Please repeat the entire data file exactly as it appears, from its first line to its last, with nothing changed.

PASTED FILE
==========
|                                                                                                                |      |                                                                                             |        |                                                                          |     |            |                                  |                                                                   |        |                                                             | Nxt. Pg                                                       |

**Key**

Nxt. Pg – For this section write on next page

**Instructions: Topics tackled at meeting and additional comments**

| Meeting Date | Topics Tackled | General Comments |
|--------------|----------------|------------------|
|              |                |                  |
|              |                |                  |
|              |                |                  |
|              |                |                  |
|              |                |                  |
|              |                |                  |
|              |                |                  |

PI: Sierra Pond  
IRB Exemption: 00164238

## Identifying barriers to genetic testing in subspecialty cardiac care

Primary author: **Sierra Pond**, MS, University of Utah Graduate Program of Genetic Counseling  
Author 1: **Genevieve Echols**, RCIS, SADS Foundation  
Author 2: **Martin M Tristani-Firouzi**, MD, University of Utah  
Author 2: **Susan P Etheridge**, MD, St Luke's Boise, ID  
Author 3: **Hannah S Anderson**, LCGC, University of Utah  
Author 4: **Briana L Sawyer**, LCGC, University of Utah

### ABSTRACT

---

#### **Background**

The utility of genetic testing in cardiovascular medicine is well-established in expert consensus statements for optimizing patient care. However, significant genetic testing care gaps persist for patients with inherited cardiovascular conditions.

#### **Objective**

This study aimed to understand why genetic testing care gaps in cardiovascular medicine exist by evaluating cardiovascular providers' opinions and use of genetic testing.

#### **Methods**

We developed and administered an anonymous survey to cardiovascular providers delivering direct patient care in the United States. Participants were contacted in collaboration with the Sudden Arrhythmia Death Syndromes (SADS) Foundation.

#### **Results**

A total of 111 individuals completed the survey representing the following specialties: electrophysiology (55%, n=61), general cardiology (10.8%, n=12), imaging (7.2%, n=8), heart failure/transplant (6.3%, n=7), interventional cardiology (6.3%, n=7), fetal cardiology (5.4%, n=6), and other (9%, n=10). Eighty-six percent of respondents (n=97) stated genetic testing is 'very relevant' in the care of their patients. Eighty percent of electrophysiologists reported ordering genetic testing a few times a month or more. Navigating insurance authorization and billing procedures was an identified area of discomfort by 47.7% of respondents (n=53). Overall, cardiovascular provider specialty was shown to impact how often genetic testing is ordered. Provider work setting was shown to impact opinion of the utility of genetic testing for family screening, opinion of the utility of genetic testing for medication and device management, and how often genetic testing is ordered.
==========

|                                                                                                                |      |                                                                                             |        |                                                                          |     |            |                                  |                                                                   |        |                                                             | Nxt. Pg                                                       |

**Key**

Nxt. Pg – For this section write on next page

**Instructions: Topics tackled at meeting and additional comments**

| Meeting Date | Topics Tackled | General Comments |
|--------------|----------------|------------------|
|              |                |                  |
|              |                |                  |
|              |                |                  |
|              |                |                  |
|              |                |                  |
|              |                |                  |
|              |                |                  |

PI: Sierra Pond  
IRB Exemption: 00164238

## Identifying barriers to genetic testing in subspecialty cardiac care

Primary author: **Sierra Pond**, MS, University of Utah Graduate Program of Genetic Counseling  
Author 1: **Genevieve Echols**, RCIS, SADS Foundation  
Author 2: **Martin M Tristani-Firouzi**, MD, University of Utah  
Author 2: **Susan P Etheridge**, MD, St Luke's Boise, ID  
Author 3: **Hannah S Anderson**, LCGC, University of Utah  
Author 4: **Briana L Sawyer**, LCGC, University of Utah

### ABSTRACT

---

#### **Background**

The utility of genetic testing in cardiovascular medicine is well-established in expert consensus statements for optimizing patient care. However, significant genetic testing care gaps persist for patients with inherited cardiovascular conditions.

#### **Objective**

This study aimed to understand why genetic testing care gaps in cardiovascular medicine exist by evaluating cardiovascular providers' opinions and use of genetic testing.

#### **Methods**

We developed and administered an anonymous survey to cardiovascular providers delivering direct patient care in the United States. Participants were contacted in collaboration with the Sudden Arrhythmia Death Syndromes (SADS) Foundation.

#### **Results**

A total of 111 individuals completed the survey representing the following specialties: electrophysiology (55%, n=61), general cardiology (10.8%, n=12), imaging (7.2%, n=8), heart failure/transplant (6.3%, n=7), interventional cardiology (6.3%, n=7), fetal cardiology (5.4%, n=6), and other (9%, n=10). Eighty-six percent of respondents (n=97) stated genetic testing is 'very relevant' in the care of their patients. Eighty percent of electrophysiologists reported ordering genetic testing a few times a month or more. Navigating insurance authorization and billing procedures was an identified area of discomfort by 47.7% of respondents (n=53). Overall, cardiovascular provider specialty was shown to impact how often genetic testing is ordered. Provider work setting was shown to impact opinion of the utility of genetic testing for family screening, opinion of the utility of genetic testing for medication and device management, and how often genetic testing is ordered.